Activist Shareholders Deserve A Fair Treatment On DisclosureVW Staff
A few weeks ago, we published an article highlighting concerns over the implementation of the proposed rulemaking, which would impose a policy that would require outside shareholders to disclose any acquisitions in a company totalling more than 5%. In essence, we featured various possible consequences that could emerge, and included managerial concerns in terms of performance, as well as the reduction in the number of outside shareholders that would be able to participate in blockholder purchases.
The rulemaking was proposed, citing cases of activist investor acquisitions that threaten to take over the full control of company boardrooms through exploitation of certain “loopholes”. However, according to Lucian Bebchuk, the exercise should not be viewed as an attempt to technically close the so called loopholes, but rather, something that raises considerable policy issues. The author claims that considerable weight should be given to the empirical evidence that proves that outside blockholders improve a company’s value and performance.
Additionally, the SEC should ensure that the rules governing the balance of power between incumbents and the outside shareholders should not be biased towards the former, both geographically and chronologically. Bebchuk says that this scenario would tighten SEC rules, further affecting the outsiders adversely.
Outside blockholders are not bad for a company’s performance, actually, according to statistics, activist investors have influenced several companies in a positive way, whenever they acquired a big stake. A good example is the case of Chesapeake Energy Corporation (NYSE:CHK), where Dan Loeb’s big stake was revealed in the most recent form 13F filing.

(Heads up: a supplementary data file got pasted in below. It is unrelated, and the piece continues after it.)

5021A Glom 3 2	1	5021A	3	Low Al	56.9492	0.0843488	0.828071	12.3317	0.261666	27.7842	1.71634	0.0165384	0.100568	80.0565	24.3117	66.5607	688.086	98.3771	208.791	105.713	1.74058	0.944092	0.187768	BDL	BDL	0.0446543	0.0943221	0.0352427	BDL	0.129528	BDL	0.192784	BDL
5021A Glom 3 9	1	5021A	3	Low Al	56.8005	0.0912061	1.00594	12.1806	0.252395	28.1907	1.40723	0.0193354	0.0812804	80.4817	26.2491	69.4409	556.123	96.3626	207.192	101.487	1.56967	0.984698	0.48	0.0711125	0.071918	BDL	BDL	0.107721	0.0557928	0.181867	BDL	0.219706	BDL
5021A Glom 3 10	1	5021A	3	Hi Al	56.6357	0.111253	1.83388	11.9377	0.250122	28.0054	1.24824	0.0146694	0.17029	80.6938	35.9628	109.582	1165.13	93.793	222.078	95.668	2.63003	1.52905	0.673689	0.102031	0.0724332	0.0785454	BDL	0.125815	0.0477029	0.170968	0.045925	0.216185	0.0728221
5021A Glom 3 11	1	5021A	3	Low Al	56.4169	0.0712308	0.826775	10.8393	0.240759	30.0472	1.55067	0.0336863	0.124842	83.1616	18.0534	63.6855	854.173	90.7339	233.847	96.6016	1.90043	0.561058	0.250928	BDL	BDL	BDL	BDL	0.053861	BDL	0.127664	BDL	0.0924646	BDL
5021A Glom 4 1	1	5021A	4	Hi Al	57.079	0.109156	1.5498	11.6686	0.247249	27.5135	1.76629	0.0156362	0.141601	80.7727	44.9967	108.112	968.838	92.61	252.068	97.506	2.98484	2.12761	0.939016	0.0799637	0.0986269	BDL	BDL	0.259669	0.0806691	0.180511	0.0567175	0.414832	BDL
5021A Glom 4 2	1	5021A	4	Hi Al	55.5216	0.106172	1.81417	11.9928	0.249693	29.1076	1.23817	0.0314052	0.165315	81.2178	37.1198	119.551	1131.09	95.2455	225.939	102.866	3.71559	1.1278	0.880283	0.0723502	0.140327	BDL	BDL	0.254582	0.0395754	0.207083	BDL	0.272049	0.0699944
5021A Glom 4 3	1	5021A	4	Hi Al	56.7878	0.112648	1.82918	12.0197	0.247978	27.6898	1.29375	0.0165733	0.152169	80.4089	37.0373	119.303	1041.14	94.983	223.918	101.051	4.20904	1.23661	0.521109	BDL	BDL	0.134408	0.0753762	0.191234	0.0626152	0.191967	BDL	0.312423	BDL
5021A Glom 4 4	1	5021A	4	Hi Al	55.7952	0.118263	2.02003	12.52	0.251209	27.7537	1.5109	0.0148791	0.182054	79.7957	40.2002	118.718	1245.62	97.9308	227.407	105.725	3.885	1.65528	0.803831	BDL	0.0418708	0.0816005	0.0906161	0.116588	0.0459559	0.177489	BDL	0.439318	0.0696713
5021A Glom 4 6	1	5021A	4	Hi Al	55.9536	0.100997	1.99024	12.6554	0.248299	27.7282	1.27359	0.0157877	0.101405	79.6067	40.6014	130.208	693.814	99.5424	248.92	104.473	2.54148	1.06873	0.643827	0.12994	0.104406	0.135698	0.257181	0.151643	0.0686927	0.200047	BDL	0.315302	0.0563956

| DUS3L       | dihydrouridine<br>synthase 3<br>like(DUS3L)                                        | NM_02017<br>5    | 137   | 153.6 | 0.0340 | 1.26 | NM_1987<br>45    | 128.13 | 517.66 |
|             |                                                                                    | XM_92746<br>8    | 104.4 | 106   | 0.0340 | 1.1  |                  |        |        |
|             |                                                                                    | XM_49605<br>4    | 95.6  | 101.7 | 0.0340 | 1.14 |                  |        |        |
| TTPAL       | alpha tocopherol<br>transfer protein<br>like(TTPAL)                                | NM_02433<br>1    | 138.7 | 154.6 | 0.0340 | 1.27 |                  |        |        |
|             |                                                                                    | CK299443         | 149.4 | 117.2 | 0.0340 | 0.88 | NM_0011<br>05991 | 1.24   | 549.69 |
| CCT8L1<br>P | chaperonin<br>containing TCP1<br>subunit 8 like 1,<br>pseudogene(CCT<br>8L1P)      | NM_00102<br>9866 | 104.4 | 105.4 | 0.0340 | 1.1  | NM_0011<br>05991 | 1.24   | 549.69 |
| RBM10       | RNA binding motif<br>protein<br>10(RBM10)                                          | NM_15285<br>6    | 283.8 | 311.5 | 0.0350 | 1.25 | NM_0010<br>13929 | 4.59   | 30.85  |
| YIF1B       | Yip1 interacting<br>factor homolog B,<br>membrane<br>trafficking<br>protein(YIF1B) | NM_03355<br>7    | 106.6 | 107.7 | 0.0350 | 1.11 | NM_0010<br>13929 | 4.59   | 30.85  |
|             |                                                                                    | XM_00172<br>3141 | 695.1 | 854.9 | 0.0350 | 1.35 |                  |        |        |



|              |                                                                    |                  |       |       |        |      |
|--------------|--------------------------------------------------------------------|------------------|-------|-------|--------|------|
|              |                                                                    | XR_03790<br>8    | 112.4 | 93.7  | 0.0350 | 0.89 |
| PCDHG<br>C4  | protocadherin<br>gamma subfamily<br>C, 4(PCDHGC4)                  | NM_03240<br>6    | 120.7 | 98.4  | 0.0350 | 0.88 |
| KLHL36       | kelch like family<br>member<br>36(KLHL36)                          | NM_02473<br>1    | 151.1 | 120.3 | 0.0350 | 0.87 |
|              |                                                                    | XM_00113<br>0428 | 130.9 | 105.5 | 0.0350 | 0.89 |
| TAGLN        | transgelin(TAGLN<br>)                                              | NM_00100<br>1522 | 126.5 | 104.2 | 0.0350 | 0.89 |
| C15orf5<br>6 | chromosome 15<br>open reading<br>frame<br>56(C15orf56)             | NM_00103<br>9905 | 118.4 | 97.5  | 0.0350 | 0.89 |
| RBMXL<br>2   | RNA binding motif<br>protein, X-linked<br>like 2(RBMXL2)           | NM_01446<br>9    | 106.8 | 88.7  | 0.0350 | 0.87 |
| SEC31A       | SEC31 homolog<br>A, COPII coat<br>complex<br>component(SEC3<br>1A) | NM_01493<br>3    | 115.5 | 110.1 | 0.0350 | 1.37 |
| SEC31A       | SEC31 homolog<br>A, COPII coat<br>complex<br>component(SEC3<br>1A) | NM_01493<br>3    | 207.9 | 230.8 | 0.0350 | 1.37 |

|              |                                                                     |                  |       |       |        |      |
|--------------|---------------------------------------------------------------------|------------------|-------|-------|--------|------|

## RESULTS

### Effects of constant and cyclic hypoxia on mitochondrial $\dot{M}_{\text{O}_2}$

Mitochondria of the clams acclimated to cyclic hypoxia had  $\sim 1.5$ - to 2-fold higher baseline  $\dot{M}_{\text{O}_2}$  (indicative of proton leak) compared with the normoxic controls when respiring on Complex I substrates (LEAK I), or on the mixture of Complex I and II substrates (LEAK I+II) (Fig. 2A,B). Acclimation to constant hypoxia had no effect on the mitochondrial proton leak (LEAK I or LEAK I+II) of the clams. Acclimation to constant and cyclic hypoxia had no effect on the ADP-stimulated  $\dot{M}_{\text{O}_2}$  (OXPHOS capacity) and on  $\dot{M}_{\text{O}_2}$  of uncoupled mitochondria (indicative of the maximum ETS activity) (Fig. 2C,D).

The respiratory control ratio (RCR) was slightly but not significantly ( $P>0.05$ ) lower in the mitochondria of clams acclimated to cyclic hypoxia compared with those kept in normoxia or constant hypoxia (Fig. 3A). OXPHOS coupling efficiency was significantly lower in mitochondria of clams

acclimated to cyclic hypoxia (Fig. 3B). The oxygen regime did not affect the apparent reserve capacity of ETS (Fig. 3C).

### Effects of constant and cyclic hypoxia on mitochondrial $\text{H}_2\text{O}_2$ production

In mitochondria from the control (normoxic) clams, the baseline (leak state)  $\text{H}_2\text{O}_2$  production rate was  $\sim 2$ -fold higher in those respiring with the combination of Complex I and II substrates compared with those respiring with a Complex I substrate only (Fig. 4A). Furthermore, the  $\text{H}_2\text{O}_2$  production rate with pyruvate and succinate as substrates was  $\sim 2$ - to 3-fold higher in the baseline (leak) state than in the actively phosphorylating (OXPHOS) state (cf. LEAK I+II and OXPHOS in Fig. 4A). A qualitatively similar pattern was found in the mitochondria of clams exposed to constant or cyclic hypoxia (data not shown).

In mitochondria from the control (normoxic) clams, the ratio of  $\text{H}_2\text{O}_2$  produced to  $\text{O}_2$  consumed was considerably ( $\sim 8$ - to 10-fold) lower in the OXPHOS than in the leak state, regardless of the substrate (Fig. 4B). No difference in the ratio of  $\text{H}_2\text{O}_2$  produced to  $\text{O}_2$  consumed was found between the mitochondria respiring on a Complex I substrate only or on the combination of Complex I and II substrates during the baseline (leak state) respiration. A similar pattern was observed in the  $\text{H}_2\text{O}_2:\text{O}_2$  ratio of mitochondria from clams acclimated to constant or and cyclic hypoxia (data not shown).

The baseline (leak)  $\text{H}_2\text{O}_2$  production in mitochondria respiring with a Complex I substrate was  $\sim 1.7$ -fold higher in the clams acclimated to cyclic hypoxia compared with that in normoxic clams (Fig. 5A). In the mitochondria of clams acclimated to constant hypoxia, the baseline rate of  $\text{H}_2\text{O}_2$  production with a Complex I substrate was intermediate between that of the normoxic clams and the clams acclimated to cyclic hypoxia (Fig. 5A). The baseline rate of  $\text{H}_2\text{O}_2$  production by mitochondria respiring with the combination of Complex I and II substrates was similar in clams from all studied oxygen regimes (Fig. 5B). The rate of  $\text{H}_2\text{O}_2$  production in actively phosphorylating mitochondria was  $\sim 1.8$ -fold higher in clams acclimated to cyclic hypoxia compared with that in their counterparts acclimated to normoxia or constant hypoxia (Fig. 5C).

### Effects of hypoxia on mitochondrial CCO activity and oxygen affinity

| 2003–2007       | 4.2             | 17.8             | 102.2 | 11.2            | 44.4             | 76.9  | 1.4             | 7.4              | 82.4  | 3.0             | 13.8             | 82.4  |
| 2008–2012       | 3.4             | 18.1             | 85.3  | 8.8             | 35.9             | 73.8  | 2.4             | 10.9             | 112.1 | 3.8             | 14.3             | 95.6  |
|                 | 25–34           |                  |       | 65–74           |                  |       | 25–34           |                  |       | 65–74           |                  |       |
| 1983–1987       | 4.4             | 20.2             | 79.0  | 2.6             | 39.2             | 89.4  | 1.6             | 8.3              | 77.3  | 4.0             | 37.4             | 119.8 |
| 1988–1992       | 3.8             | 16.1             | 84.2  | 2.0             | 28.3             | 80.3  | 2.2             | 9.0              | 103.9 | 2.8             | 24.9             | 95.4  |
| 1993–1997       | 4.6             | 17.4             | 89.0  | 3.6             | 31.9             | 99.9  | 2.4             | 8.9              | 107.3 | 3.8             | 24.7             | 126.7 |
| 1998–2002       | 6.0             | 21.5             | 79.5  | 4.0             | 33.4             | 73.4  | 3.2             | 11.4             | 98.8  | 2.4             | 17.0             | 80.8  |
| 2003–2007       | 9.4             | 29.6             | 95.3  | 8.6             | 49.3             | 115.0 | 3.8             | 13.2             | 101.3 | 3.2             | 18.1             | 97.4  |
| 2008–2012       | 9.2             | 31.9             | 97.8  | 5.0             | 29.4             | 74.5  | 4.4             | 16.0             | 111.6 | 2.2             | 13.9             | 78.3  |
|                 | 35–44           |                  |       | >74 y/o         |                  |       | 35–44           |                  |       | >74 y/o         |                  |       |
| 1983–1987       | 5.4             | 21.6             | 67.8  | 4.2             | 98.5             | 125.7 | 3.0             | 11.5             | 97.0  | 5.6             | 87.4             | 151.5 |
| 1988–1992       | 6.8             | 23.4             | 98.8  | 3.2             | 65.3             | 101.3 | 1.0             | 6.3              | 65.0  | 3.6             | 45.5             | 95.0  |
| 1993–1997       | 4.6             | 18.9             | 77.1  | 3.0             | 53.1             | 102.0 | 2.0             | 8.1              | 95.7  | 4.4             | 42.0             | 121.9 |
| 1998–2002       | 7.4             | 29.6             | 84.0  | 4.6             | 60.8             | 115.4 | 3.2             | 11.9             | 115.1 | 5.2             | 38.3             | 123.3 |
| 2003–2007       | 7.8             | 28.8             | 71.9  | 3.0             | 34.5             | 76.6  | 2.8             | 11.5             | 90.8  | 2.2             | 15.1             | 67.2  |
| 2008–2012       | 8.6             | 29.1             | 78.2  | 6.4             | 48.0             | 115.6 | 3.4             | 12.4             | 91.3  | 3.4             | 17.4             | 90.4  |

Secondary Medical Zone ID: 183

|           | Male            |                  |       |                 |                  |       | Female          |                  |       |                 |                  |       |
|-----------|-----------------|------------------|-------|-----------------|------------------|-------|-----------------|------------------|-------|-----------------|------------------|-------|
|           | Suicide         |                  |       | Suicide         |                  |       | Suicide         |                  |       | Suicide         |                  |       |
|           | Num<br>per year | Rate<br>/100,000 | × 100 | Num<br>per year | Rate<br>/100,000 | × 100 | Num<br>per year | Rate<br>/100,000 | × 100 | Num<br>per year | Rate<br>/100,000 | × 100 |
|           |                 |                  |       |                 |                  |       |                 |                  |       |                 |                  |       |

Following this acquisition, Chesapeake, which was faced with various challenges went on to overhaul its board. It is not stated whether Loeb spearheaded the overhaul. Additionally, another activist investor, Carl Icahn had also acquired 7.6% stake in the company, as featured in our May article. According to the latest 13F filing, Icahn holds approximately 8.9% of Chesapeake stock.
Activist investors have been involved in several board changes, something that companies view as a threat to management. However, in most cases as we have already observed, the change has resulted in positive gains for the companies. Bill Ackman’s biggest stake, another activist investor, is in the Canadian Pacific Railway Limited (TSE:CP) (NYSE:CP), which accounts for 25% of his assets under management, and The Procter & Gamble Company (NYSE:PG) is yet another asset in his portfolio.
We noted in one of our articles, some of the companies that have been in battle with activist hedge funds, and The Procter & Gamble Company (NYSE:PG), along with Navistar International Corp (NYSE:NAV) were part of the long list. Carl Icahn holds nearly 15% in Navistar. The biggest question would be, since the afore mentioned battle with activist hedge funds, have the companies improved? I do agree that a majority of them have resulted in board changes, but the final product in most cases, has been good, even judging by the most recent performance of these companies, as compared to times leading to the battles.
Ingersoll-Rand PLC (NYSE:IR) could be heading for the same kind of battle, as renowned activist investor, Nelson Peltz, through his hedge fund company, Trian Fund management, bought 7.5 million additional shares in the company, to give Peltz a huge stake in the board. He will definitely be pushing for changes to improve the performance of the company, as he seeks value for his investment.
If the SEC goes on to implement the proposed William’s act, companies would most certainly miss that external pressure that ensures management is up and running, for the best performance of the company in general. The activist investors, may push for change in companies with an effort to ensure that they get value for their money, but the benefits also trickle down to the other stakeholders of the company, including employees, shareholders, customers, and the management.
Therefore, implementing policies that will discourage the influence of outside shareholders, will most likely derail the performance of companies, as corporate governance rules and regulations could be largely abused by the insiders. The issue of losing control of the company to activist outside investors can be dealt with, by ensuring compliance with corporate governance policies, as well as dedicated performance by management, which essentially is one of the goals in any organization.